Nightcrawler (2014)

2017 #63
Dan Gilroy | 118 mins | Blu-ray | 2.40:1 | USA / English | 15 / R

Nightcrawler

Dan Gilroy’s neo-noir thriller is part “state of the nation” observational drama and part character study.

The character in question is Louis Bloom (Jake Gyllenhaal), a young man who, like so many in modern America, struggles to find paid employment. Indeed, as the film opens he’s resorted to stealing fences to hawk to scrap metal dealers — and, when cornered by a security guard, also resorts to violence. That’s the kind of man Bloom is, which will become important as the film goes on. On his way home he comes across the aftermath of a near-fatal car accident, and witnesses the freelance news cameramen rushing to the scene. For some reason this job strikes Bloom as glamorous, so he buys a camera and a police scanner and throws himself into it. His boundary-pushing enthusiasm soon puts him on the way to success, racing around nighttime L.A. chasing bloody imagery. It’s a cutthroat industry, but Bloom is prepared to go pretty far for exclusive footage…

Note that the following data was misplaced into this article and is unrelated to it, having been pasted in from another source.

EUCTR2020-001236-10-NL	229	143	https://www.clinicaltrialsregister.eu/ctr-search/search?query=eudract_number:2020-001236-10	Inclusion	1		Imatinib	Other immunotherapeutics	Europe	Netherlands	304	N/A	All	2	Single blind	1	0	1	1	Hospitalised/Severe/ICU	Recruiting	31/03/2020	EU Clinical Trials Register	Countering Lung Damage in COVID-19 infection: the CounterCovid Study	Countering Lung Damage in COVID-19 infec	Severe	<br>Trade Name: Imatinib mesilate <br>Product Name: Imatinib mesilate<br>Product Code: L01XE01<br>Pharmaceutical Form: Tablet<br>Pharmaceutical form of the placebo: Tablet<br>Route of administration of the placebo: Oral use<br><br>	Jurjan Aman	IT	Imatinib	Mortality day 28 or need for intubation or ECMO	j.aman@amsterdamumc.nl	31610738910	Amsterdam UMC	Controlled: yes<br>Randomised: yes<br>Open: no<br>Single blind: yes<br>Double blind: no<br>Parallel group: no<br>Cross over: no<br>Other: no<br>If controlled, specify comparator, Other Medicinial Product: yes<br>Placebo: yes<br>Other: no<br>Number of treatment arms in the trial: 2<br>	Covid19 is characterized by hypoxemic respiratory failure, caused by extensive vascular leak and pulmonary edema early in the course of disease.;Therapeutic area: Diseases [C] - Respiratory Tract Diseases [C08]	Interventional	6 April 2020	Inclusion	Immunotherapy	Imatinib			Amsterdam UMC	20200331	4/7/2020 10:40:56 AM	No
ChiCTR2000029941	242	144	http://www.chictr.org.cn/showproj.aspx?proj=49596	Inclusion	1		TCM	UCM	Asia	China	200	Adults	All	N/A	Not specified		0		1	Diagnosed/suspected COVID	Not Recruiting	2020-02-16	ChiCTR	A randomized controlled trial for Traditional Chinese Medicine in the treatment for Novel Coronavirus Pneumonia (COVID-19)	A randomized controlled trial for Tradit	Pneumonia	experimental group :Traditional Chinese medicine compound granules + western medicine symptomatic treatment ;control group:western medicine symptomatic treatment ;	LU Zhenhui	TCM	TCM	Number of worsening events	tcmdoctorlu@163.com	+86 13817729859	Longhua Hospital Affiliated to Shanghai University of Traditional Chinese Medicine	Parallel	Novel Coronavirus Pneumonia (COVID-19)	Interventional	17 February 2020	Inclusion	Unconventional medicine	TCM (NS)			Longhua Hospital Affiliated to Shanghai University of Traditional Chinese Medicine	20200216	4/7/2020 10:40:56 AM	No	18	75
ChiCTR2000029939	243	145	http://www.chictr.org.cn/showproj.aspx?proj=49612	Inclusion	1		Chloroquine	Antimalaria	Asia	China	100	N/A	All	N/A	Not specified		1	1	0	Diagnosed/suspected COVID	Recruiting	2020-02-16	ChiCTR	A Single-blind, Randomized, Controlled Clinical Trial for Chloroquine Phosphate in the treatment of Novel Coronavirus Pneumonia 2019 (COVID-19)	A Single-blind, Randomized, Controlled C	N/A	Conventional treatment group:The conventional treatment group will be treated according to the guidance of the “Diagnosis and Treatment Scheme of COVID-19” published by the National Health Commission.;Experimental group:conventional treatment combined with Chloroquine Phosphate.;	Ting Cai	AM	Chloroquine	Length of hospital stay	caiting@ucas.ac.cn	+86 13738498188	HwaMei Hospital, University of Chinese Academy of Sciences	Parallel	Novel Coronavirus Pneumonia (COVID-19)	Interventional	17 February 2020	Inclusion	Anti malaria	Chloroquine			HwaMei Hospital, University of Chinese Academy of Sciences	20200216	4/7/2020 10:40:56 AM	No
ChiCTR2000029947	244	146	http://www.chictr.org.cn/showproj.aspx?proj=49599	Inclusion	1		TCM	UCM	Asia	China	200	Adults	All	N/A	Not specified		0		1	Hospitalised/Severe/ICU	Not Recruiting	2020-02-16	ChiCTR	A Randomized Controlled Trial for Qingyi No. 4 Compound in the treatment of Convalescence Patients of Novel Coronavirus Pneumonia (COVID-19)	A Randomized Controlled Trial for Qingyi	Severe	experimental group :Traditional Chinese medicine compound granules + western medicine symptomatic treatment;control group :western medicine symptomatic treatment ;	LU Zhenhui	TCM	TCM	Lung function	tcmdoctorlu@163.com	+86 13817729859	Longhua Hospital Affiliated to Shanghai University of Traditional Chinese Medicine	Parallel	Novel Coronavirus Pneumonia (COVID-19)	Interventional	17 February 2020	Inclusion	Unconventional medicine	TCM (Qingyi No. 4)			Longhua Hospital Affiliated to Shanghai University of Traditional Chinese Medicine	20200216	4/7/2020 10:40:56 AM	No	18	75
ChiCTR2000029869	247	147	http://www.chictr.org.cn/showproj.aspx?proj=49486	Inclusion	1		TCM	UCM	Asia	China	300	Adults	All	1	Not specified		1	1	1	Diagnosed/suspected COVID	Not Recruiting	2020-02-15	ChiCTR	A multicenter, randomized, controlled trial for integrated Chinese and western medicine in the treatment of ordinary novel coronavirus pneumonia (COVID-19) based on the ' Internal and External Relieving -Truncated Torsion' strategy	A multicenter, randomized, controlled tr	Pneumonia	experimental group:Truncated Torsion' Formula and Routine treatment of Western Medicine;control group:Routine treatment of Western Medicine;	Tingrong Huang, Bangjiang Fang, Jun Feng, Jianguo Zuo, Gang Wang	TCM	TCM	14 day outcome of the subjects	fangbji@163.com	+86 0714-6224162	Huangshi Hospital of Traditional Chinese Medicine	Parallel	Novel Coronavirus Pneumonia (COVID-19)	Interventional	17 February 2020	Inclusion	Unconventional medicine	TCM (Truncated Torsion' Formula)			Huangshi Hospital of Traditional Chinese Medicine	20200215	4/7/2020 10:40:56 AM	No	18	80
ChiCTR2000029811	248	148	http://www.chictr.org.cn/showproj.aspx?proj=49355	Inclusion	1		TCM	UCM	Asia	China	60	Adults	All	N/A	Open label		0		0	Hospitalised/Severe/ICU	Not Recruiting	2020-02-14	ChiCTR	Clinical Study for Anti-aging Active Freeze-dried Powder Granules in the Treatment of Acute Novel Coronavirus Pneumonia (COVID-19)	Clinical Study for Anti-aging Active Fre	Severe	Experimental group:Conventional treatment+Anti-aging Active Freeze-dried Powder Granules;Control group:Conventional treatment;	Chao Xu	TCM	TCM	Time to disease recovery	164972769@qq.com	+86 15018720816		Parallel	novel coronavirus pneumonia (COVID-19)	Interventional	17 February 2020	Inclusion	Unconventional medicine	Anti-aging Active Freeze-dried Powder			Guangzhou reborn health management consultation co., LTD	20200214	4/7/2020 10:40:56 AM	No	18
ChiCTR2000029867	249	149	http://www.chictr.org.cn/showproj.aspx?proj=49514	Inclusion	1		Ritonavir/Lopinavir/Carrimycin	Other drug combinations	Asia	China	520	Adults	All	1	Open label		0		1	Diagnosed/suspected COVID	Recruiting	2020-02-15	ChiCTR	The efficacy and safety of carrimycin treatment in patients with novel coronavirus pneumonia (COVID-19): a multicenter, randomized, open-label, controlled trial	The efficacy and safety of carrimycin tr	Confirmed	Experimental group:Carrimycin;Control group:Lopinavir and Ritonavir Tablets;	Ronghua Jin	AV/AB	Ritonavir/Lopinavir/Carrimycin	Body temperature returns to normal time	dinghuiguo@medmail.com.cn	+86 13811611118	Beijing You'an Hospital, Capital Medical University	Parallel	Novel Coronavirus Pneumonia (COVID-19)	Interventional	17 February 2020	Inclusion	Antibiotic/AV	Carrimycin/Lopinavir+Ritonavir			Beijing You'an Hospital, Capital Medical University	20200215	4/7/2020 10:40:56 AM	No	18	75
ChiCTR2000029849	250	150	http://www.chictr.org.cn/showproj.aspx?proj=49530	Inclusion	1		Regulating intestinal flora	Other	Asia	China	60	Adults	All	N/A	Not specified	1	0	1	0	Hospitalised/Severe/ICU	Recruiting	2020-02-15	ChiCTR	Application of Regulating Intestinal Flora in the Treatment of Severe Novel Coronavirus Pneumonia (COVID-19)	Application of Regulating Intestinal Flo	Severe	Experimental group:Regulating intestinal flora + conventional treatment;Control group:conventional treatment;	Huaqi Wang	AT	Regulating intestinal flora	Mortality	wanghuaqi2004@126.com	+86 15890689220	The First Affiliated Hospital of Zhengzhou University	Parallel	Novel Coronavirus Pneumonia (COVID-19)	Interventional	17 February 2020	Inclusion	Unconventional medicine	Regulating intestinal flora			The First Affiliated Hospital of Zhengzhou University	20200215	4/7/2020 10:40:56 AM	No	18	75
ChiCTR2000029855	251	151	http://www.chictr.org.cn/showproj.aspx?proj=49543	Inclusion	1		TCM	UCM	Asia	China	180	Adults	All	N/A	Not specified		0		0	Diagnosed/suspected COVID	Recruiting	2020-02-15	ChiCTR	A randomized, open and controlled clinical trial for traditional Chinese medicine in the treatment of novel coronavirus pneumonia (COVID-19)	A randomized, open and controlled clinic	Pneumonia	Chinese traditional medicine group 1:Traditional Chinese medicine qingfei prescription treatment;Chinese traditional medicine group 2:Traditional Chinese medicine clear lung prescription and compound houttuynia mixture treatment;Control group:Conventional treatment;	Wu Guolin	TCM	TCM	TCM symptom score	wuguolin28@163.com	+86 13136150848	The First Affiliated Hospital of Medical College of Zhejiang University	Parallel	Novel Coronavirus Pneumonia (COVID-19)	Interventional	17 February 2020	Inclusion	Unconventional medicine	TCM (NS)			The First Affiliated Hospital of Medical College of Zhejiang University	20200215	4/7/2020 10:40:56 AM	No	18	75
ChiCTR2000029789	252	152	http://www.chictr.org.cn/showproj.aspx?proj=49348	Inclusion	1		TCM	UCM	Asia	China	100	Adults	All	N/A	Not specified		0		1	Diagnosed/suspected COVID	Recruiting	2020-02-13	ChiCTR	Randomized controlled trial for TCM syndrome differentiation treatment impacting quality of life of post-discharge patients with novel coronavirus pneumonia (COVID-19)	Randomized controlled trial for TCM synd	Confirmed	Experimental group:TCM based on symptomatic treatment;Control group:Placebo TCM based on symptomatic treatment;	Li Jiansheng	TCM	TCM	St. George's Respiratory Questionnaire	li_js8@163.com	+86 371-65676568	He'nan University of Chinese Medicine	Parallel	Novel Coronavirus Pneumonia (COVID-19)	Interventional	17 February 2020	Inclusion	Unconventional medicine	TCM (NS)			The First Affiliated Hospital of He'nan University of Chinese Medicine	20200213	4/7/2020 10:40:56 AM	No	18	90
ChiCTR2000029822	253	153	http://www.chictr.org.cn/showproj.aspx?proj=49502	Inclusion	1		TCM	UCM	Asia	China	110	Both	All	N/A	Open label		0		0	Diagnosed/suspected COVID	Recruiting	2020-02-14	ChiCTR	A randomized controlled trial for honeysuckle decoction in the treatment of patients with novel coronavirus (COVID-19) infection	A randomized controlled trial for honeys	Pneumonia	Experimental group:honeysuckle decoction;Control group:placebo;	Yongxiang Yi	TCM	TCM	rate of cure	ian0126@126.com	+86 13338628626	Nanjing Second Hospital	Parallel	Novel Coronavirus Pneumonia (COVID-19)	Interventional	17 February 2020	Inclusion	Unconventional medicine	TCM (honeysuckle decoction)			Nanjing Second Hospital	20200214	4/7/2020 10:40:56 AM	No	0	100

Any well-informed viewer isn’t likely to glean much from Nightcrawler about the state of modern America. That Bloom is desperate for employment is more of an inciting incident than a dissected issue, though it does also partially fuel a subplot when he employs an assistant. That US TV news is all about shock value — “if it bleeds it leads” — is a truism that’s decades old, too. If the film contributes anything to that discussion it’s to wonder if things have reached a nadir. Writer-director Gilroy says he was trying to tell an objective and realistic story, but it’s coming from a very cynical, almost satirical place about TV news. Or maybe local US news really is that extreme, I don’t know. Either way, this observational stuff isn’t bad, but nor is it revelatory.

If it bleeds it leads